- Find out in advance if your insurance plan will make payments directly to providers or reimburse you later. If the latter, make sure you keep all documentation.
- Worldwide travel insurance is available at www.lonelyplanet.com/travel-insurance. You can buy, extend and claim online anytime – even if you’re already on the road.
- Free wi-fi is available in most hostels, B&Bs and hotels, as well as many cafes and restaurants.
- Due to the widespread availability of wi-fi, internet cafes are a dying breed, although you can still find them in major cities such as Cagliari and Alghero. Access typically costs €5 per hour.
- Note also that whenever you use an internet cafe you’re legally obliged to show an ID card or passport.
- Some hotels provide a computer for guest use.
- Italy has tough drug laws. If caught with 5g of cannabis you can, in theory, be prosecuted as a trafficker. Those caught with amounts below this threshold can be subject to minor penalties.
- The legal limit for a driver’s blood-alcohol reading is 0.05%. Random breath tests do occur.
- If you are detained for any alleged offence, you should be given verbal and written notice of the charges laid against you within 24 hours.
- You have no right to a phone call upon arrest, but you can choose not to respond to questions without the presence of a lawyer.
For travelling around the island, a good-quality map is very useful. The Touring Club Italiano's Touring Editore (www.touringclub.com) does an excellent island map at a scale of 1:200,000. It's available online or at bookshops in Sardinia.
- Newspapers Key newspapers include Cagliari’s L’Unione Sarda (www.unionesarda.it) and Sassari’s La Nuova Sardegna (lanuovasardegna.gelocal.it).
- Radio Radiolina (www.radiolina.it) is a popular local radio station. National stations RAI-1, RAI-2 and RAI-3 (www.rai.it) play a mix of phone-ins, sport, news and music.
- TV Local TV channels, Videolina (www.videolina.it) and Sardegna 1 (www.sardegna1.tv) are usually pretty dire, pumping out news, football and traditional costumed dancing. National channels include the state-run RAI-1, RAI-2 and RAI-3.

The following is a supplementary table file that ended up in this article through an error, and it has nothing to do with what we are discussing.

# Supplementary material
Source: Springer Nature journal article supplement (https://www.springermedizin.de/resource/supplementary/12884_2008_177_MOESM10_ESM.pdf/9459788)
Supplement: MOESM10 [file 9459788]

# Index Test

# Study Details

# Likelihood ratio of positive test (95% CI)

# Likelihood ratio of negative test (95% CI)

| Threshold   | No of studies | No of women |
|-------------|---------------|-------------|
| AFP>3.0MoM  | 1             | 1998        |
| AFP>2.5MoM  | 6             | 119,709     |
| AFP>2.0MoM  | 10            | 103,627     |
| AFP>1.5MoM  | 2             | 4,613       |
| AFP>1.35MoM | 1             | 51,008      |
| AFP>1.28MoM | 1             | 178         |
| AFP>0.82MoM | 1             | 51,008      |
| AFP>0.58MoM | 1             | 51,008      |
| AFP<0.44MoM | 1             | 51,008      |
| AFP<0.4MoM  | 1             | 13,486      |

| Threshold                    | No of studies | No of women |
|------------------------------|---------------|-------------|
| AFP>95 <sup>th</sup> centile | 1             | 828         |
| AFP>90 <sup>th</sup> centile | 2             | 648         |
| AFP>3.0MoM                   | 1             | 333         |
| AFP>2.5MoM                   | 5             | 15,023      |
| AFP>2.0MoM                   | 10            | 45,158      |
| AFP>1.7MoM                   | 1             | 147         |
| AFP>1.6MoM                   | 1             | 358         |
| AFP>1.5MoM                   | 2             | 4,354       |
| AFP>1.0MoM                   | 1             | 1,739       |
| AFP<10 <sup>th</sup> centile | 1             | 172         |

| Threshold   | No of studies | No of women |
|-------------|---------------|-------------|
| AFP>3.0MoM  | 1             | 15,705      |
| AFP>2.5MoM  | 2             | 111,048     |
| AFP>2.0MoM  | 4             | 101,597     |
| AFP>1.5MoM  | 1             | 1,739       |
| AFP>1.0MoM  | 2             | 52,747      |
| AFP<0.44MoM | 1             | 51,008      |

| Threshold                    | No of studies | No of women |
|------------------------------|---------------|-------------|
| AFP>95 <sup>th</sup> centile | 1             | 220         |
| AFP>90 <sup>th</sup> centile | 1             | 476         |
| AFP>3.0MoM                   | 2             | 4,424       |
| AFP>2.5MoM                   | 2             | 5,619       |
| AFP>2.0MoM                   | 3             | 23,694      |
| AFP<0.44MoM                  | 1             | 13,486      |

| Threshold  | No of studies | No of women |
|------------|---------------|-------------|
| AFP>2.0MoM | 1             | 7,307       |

ATMs are widely available (daily cash withdrawal limit €250). Major hotels and restaurants usually accept credit cards, but at some smaller places it's cash only.
- Sardinia’s unit of currency is the euro (€), which is divided into 100 cents.
- Coin denominations are one, two, five, 10, 20 and 50 cents and €1 and €2. The euro notes come in denominations of €5, €10, €20, €50, €100, €200 and €500.
- Exchange money in banks, post offices and exchange offices.
- Banks generally offer the best rates, but shop around as rates tend to fluctuate considerably.
- Credit cards are not always accepted, especially in many B&Bs, cheaper trattorias and other smaller establishments, so bring enough cash.
For current exchange rates see www.xe.com.
- Hotels €1 to €1.50 per bag is standard; €1 per day for cleaning staff.
- Bars Round up to the nearest euro.
- Restaurants If service isn't included, give a euro or two in pizzerias, 10% in restaurants.
- Taxis Optional, but most people round up to the nearest euro.
Opening hours vary throughout the year. We’ve provided high-season opening hours; hours will generally decrease in the shoulder and low seasons.
Banks 8.30am to 1.30pm and 2.45pm to 4.30pm Monday to Friday
Bars 7pm to 1am Monday to Saturday
Cafes 7am or 8am to 10pm or 11pm Monday to Saturday
Clubs 10pm to 3am, 4am or 5am Thursday to Saturday
Post offices 8am to 6.50pm Monday to Friday, 8am to 1.15pm Saturday
Restaurants noon to 2.30pm or 3pm and 7.30pm to 10pm or 11pm
Shops 9am to 1pm and 4pm to 8pm Monday to Saturday
- Italy’s, and by association Sardinia’s, postal system Poste Italiane is reasonably reliable.
- Francobolli (stamps) are available at post offices and tabacchi (tobacconists) – look for the official sign, a big white ‘T’ against a blue-black background.
- Post offices are widespread in towns and cities, and most villages and resorts have tabacchi.
Most Italians take their annual holiday in August. Settimana Santa (Easter Week) is another busy holiday period. National public holidays:
Capodanno (New Year’s Day) 1 January
Epifania (Epiphany) 6 January
Pasqua (Easter Sunday) March/April
Pasquetta (Easter Monday) March/April
Giorno della Liberazione (Liberation Day) 25 April
Festa del Lavoro (Labour Day) 1 May
Festa della Repubblica (Republic Day) 2 June
Ferragosto (Feast of the Assumption) 15 August
Ognissanti (All Saints’ Day) 1 November
Immacolata Concezione (Feast of the Immaculate Conception) 8 December
Natale (Christmas Day) 25 December
Festa di Santo Stefano (Boxing Day) 26 December
- Smoking Banned in all enclosed public spaces.
Taxes & Refunds
Value-added-tax (VAT) is a 22% sales tax levied on most goods and services. To reclaim VAT on purchases made in tax-free shops, visit www.globalblue.com.
- To call Sardinia from abroad, dial your international access number, Italy's country code (39) and then the local number (including the area code with the leading 0).
- To call abroad from Sardinia, dial 00 to get out of Italy and then the relevant country and area codes, followed by the telephone number.
- Mobile phone numbers begin with a three-figure prefix, typically 330, 331 etc.
- Sardinian area codes all begin with 0 and consist of up to four digits. Always dial the area code, even when calling locally. Toll-free (free-phone) numbers, known as numeri verdi, usually start with 800.
- As of June 2017, roaming charges no longer apply in the EU. Australian mobiles must be set up for international roaming.